The attack, one of the deadliest against Malian forces, took place in Indelimane, in the Menaka region close to the border with Niger, Yaya Sangare wrote on Twitter on Saturday.
He said the situation had been brought "under control", adding: "A search and the process of identifying the bodies is continuing."
Ten survivors were found at the outpost, which suffered "significant" damage, according to Sangare, who did not give further details.
The Islamic State of Iraq and the Levant (ISIL or ISIS) armed group claimed responsibility for the attack via its media arm Amaq, without citing evidence.
"Soldiers of the caliphate attacked a military base where elements of the apostate Malian army were stationed in the village of Indelimane," the group said.
Al Jazeera's Mohammed Vall, who has reported extensively from Mali, said the attack involved at least three suicide bombers who detonated explosives inside the military camp, according to security sources.
He added the death toll could rise.
The Malian government earlier condemned the "terrorist attack", saying it had left numerous dead or wounded but without giving a precise toll.
"Reinforcements have been dispatched to secure the area and hunt down the attackers," it said in a statement.
The attack comes a month after two attacks killed 40 soldiers near the border with Burkina Faso, but several sources told AFP news agency the death toll had been downplayed.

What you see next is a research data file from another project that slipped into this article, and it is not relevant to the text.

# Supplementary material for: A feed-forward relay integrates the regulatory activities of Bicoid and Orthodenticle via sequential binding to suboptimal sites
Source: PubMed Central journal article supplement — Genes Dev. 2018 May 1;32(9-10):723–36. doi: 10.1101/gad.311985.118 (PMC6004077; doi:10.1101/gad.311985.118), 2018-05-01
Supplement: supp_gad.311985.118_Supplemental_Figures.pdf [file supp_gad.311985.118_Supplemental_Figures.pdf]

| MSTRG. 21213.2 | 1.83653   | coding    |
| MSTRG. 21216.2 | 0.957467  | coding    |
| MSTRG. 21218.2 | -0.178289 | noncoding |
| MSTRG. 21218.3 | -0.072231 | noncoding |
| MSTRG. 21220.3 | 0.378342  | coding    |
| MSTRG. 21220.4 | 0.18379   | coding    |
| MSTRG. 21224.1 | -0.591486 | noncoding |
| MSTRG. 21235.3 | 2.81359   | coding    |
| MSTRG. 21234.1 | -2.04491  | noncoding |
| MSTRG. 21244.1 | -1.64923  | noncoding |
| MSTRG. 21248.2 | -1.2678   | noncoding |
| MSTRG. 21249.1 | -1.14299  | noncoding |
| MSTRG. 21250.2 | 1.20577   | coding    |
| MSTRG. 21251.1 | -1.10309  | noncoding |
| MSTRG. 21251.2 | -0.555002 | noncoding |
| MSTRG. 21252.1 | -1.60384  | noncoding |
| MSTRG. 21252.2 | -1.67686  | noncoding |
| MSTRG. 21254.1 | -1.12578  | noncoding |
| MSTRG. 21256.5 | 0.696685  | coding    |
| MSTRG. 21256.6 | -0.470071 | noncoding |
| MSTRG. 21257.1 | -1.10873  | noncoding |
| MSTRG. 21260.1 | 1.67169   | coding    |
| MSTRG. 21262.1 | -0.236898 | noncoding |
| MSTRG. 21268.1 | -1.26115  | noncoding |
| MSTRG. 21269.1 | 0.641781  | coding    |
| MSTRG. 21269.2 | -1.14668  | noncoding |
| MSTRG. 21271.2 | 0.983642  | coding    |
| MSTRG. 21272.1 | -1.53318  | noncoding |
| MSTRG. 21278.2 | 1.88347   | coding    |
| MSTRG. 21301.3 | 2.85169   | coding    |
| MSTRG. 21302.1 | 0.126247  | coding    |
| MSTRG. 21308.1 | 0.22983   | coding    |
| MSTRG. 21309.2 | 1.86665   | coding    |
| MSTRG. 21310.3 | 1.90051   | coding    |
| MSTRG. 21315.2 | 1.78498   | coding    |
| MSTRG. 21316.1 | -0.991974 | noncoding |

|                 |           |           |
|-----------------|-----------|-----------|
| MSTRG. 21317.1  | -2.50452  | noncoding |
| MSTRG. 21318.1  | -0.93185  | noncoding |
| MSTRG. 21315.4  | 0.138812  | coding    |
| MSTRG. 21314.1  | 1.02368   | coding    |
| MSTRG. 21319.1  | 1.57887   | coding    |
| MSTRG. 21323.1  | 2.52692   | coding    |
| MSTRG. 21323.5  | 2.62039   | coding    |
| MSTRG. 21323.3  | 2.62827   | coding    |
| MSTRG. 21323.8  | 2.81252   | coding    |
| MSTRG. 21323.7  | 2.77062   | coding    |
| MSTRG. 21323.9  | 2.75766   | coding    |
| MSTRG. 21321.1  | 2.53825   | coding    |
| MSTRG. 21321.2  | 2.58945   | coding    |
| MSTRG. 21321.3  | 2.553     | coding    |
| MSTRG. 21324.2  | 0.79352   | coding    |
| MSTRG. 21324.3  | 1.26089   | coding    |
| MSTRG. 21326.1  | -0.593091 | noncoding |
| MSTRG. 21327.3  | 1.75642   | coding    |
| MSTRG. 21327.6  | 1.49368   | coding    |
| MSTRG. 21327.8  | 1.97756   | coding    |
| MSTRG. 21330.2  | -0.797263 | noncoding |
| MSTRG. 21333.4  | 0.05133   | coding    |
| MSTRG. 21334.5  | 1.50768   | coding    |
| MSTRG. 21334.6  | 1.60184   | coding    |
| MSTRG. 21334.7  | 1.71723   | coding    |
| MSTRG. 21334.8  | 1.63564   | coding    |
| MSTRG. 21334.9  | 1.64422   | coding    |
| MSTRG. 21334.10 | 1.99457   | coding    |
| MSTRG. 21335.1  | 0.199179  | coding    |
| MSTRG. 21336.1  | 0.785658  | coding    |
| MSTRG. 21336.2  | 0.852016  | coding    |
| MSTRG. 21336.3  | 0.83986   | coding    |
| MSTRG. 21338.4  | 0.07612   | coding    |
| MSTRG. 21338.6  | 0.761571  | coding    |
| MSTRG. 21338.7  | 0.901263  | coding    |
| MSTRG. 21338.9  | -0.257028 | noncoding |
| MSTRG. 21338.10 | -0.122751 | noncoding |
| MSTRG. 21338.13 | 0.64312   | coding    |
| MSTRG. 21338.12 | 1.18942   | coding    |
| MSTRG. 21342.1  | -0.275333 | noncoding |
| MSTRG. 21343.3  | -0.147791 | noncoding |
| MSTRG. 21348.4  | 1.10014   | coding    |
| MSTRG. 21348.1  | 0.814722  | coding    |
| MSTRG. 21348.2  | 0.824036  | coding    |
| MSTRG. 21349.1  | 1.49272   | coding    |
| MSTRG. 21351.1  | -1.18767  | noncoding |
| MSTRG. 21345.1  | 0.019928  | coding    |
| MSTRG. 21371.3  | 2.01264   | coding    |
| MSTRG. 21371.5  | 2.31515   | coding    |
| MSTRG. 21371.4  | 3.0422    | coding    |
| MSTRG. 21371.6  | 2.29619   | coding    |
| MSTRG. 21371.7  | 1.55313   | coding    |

Mali's army has been struggling in the face of regular flare-ups of violence that have spread from the arid north to its centre, an ethnically mixed and volatile region.
The recent attacks are also a major blow for the so-called G5 Sahel force - a much-trumpeted initiative under which five countries created a joint 5,000-man anti-terror force - and for France, which is committed to shoring up the fragile region.
Northern Mali came under the control of al-Qaeda-linked fighters after Mali's army failed to quash a rebellion there in 2012.
A French-led military campaign was launched against the fighters, pushing them back a year later.
But the armed groups have regrouped and widened their hit-and-run raids.
"Those groups are gaining more momentum, organising themselves better and making it more difficult for the peacekeepers and other soldiers - particularly the Malian army - to control that region," Al Jazeera's Vall said.
Paul Melly, a consulting fellow at Chatham House's Africa Programme, described the groups operating in the region as "highly mobile" and said countering their threat was a "huge challenge" for security forces.
"Yesterday's attack is only the latest in a series of brutal attacks that have often culminated in the massacre of any defeated garrison, attacks clearly aimed at destroying the morale of national armies in the Sahel," Melly told Al Jazeera.
"The answer cannot be security alone. Development and better public administration are key - but of course that is hard to provide when government personnel are at risk of targeted killing and it is not safe for development agencies to operate," he added.
Al Jazeera's Vall, meanwhile, said the "unique" geography of the region was also adding to security forces' struggles to contain the armed groups.
"It's a desert and there are no real borders between the countries of the Sahel, so it is difficult to control thousands and thousands of kilometres of desert," Vall said.
"There are no fences, no outposts for the armed forces, most of them are encamped inside the cities in northern Mali ... primarily concerned with the safety of the personnel and not with fighting in the desert against those groups," he added.
"So there is an asymmetry in that war between groups that can launch hit-and-run attacks and then hide ... and between the regular armed forces who use conventional means."